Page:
Northeast of Cobán, a paved road heads off into the lush hills, connecting a string of coffee fincas. After 46km the road reaches the Pajal junction, where a branch road cuts down deep into a valley to LANQUÍN (a further 12km away). This sleepy, modest Q’eqchi’ village, where Spanish is very much a second language, shelters beneath towering green hills, whose lower slopes are planted with coffee and cardamom bushes. The village itself is very relaxed and quite attractive, but virtually every visitor in town is here to enjoy the extraordinary pools of Semuc Champey, a short ride away.
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The region’s prime attraction, and one of the most beautiful natural destinations in Guatemala, is Semuc Champey, a shallow staircase of sublime turquoise pools suspended on a natural limestone bridge. This idyllic spot sits at the base of a towering jungle-clad valley and makes a wonderful destination for a blissful day’s wallowing and swimming. Just a few years ago very few visitors made it to this remote part of Guatemala, but the secret is now definitely out, and the pools are very much a key stop on the backpacking trail between Tikal and the western highlands. That said, you can usually find a peaceful corner without too much difficulty.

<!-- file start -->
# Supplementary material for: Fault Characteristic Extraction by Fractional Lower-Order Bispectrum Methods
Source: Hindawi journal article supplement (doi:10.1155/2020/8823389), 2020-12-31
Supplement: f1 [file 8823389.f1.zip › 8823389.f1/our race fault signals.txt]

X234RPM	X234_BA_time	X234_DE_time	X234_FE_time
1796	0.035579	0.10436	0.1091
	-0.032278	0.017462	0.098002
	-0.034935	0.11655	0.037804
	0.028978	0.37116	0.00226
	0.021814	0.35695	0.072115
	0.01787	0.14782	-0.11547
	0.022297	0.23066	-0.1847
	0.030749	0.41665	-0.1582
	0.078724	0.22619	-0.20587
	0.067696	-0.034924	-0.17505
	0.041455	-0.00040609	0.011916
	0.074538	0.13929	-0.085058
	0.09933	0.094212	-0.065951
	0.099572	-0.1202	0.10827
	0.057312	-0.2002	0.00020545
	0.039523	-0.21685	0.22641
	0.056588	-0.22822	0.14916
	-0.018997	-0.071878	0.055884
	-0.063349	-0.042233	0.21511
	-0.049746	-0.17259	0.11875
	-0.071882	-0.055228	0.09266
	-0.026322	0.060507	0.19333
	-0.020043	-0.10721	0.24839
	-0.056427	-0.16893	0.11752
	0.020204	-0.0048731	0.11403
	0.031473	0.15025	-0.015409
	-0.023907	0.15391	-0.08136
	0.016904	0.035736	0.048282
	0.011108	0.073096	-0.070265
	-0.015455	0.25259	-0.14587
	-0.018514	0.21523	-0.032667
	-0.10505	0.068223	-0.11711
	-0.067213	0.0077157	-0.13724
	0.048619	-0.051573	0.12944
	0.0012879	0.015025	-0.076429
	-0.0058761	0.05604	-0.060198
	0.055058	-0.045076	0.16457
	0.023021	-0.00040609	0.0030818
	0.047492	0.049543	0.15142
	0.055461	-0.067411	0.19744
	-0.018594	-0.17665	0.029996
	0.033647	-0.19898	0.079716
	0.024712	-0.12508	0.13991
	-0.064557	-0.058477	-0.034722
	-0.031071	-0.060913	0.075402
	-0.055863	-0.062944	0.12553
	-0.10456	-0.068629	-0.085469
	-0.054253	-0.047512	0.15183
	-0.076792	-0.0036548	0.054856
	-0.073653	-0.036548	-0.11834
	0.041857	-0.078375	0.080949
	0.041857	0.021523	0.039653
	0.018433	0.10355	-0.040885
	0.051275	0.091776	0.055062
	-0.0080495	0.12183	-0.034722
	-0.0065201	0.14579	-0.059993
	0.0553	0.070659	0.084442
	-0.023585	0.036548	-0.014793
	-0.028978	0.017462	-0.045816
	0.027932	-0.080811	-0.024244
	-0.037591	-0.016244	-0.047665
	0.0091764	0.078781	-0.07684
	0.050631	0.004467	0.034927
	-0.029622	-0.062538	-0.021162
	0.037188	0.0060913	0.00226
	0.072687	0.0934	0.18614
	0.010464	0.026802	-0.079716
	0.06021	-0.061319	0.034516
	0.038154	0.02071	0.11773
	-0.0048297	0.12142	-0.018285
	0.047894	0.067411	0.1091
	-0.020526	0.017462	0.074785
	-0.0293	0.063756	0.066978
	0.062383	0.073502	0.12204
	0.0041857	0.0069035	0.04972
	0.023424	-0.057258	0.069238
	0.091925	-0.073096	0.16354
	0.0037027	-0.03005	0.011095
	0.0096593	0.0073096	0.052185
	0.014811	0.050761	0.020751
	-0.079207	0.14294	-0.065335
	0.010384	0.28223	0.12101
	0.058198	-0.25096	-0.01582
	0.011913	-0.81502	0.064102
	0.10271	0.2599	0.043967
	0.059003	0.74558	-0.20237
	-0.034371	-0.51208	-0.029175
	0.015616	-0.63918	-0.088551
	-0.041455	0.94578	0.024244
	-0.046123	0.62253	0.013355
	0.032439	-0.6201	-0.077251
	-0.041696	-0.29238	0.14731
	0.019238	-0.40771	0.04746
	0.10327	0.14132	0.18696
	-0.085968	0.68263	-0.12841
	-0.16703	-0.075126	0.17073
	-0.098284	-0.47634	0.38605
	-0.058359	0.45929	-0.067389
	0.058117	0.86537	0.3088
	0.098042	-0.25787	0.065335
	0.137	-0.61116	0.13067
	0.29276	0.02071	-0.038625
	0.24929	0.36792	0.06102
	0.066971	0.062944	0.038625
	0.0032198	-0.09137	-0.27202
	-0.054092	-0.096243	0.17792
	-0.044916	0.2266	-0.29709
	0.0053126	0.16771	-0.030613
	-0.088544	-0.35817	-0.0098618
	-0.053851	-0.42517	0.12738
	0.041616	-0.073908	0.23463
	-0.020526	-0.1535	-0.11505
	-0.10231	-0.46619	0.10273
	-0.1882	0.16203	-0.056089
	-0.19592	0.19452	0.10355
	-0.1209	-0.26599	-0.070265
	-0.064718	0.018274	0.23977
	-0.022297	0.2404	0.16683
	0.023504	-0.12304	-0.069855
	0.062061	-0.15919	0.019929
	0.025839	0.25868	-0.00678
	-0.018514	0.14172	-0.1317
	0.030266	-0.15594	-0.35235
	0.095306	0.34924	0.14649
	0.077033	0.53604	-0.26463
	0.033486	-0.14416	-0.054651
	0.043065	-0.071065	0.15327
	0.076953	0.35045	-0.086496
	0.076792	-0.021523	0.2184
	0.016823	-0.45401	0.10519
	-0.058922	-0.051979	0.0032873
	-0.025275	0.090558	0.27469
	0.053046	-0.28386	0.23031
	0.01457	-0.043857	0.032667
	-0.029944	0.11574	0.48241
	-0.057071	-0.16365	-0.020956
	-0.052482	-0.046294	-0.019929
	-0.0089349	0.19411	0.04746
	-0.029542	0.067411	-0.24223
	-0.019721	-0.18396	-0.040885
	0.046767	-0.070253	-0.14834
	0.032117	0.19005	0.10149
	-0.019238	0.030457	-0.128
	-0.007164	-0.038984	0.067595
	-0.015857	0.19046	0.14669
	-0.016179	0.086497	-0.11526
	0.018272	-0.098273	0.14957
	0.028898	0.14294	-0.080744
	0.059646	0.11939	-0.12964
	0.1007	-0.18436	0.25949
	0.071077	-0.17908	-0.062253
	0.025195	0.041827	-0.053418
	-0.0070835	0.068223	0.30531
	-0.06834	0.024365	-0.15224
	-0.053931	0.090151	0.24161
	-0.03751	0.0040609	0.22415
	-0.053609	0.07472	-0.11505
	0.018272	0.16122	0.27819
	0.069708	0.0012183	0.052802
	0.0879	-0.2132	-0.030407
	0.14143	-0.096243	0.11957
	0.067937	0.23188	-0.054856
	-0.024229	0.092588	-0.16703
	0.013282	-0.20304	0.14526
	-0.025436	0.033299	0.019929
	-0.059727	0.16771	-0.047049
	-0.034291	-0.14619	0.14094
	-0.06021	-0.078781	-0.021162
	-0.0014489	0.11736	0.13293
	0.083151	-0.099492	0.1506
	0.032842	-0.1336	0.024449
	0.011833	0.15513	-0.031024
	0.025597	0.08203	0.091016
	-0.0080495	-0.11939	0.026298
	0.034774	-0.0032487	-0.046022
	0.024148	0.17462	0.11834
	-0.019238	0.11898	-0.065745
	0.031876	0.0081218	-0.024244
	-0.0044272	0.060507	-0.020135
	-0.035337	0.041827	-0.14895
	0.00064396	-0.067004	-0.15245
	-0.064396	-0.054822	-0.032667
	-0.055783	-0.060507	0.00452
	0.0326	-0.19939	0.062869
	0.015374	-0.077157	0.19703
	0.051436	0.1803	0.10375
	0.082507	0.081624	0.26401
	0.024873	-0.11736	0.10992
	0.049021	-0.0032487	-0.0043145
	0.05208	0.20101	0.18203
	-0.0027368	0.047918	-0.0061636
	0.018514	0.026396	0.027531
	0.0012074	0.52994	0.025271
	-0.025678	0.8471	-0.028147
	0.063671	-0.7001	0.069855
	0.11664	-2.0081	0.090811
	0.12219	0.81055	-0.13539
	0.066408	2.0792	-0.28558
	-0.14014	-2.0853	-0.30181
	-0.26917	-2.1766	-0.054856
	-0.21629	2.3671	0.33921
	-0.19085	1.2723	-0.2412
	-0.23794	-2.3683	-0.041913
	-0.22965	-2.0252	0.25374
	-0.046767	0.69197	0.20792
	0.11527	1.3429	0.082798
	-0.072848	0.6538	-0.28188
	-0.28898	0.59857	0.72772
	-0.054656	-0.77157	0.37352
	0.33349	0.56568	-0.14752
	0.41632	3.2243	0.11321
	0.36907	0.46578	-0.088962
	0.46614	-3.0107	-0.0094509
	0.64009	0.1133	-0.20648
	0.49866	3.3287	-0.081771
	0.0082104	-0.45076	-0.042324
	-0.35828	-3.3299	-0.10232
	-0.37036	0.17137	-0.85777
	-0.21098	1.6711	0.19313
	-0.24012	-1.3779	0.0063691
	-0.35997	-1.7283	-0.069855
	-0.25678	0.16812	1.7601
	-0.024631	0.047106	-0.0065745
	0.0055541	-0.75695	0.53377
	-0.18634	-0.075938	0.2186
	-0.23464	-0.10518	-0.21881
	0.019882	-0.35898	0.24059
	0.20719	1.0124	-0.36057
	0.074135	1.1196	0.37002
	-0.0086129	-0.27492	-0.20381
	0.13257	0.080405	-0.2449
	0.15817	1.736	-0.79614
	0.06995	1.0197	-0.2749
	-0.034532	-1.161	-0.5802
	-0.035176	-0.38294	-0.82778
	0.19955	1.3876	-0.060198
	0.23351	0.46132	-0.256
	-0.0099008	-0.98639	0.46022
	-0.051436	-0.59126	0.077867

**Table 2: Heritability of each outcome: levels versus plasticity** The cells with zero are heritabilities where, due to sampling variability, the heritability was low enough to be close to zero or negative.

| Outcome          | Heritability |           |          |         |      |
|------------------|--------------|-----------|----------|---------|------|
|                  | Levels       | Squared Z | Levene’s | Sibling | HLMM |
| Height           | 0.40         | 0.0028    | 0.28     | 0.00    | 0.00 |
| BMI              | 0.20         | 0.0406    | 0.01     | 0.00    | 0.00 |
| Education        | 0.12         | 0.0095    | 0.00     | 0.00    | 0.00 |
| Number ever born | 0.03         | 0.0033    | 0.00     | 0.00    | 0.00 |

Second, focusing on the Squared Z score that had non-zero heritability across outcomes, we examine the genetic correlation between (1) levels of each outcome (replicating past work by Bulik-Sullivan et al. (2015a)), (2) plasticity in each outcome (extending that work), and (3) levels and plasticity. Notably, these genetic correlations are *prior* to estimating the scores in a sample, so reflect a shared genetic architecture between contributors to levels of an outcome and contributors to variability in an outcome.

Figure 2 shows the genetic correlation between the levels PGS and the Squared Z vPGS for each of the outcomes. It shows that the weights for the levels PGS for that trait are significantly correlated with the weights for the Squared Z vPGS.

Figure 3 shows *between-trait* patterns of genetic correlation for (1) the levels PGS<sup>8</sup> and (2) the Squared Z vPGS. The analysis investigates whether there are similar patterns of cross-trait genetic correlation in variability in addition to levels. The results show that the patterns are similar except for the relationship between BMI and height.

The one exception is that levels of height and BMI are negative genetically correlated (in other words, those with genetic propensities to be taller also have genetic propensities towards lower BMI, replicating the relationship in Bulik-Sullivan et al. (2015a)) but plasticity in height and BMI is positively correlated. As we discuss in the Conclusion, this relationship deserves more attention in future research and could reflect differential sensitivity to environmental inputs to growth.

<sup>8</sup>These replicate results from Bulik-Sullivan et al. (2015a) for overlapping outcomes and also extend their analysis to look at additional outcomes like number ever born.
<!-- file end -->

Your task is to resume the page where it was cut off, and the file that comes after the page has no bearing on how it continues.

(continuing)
If you walk a few hundred metres upstream via a slippery path you come to the river source that feeds Semuc: the fast-flowing Río Cahabón, the bulk of which plunges into a cavern, cutting under the pools in an aquatic frenzy before emerging again downstream. For a photo-perfect view of the whole scene, you can hike (and climb a little in sections) for twenty minutes up a slippery, vertiginous trail to a mirador high above the pools.
There are security guards at the site, but it’s best not to leave your belongings unattended. You’ll find a small café (reasonable meals are around US$5) and there are vendors selling drinks and snacks at the entrance.
While you can visit on your own, most travellers choose to visit Semuc as part of a tour, which avoids having to wait for infrequent public transport or tackling the terrible dirt access road.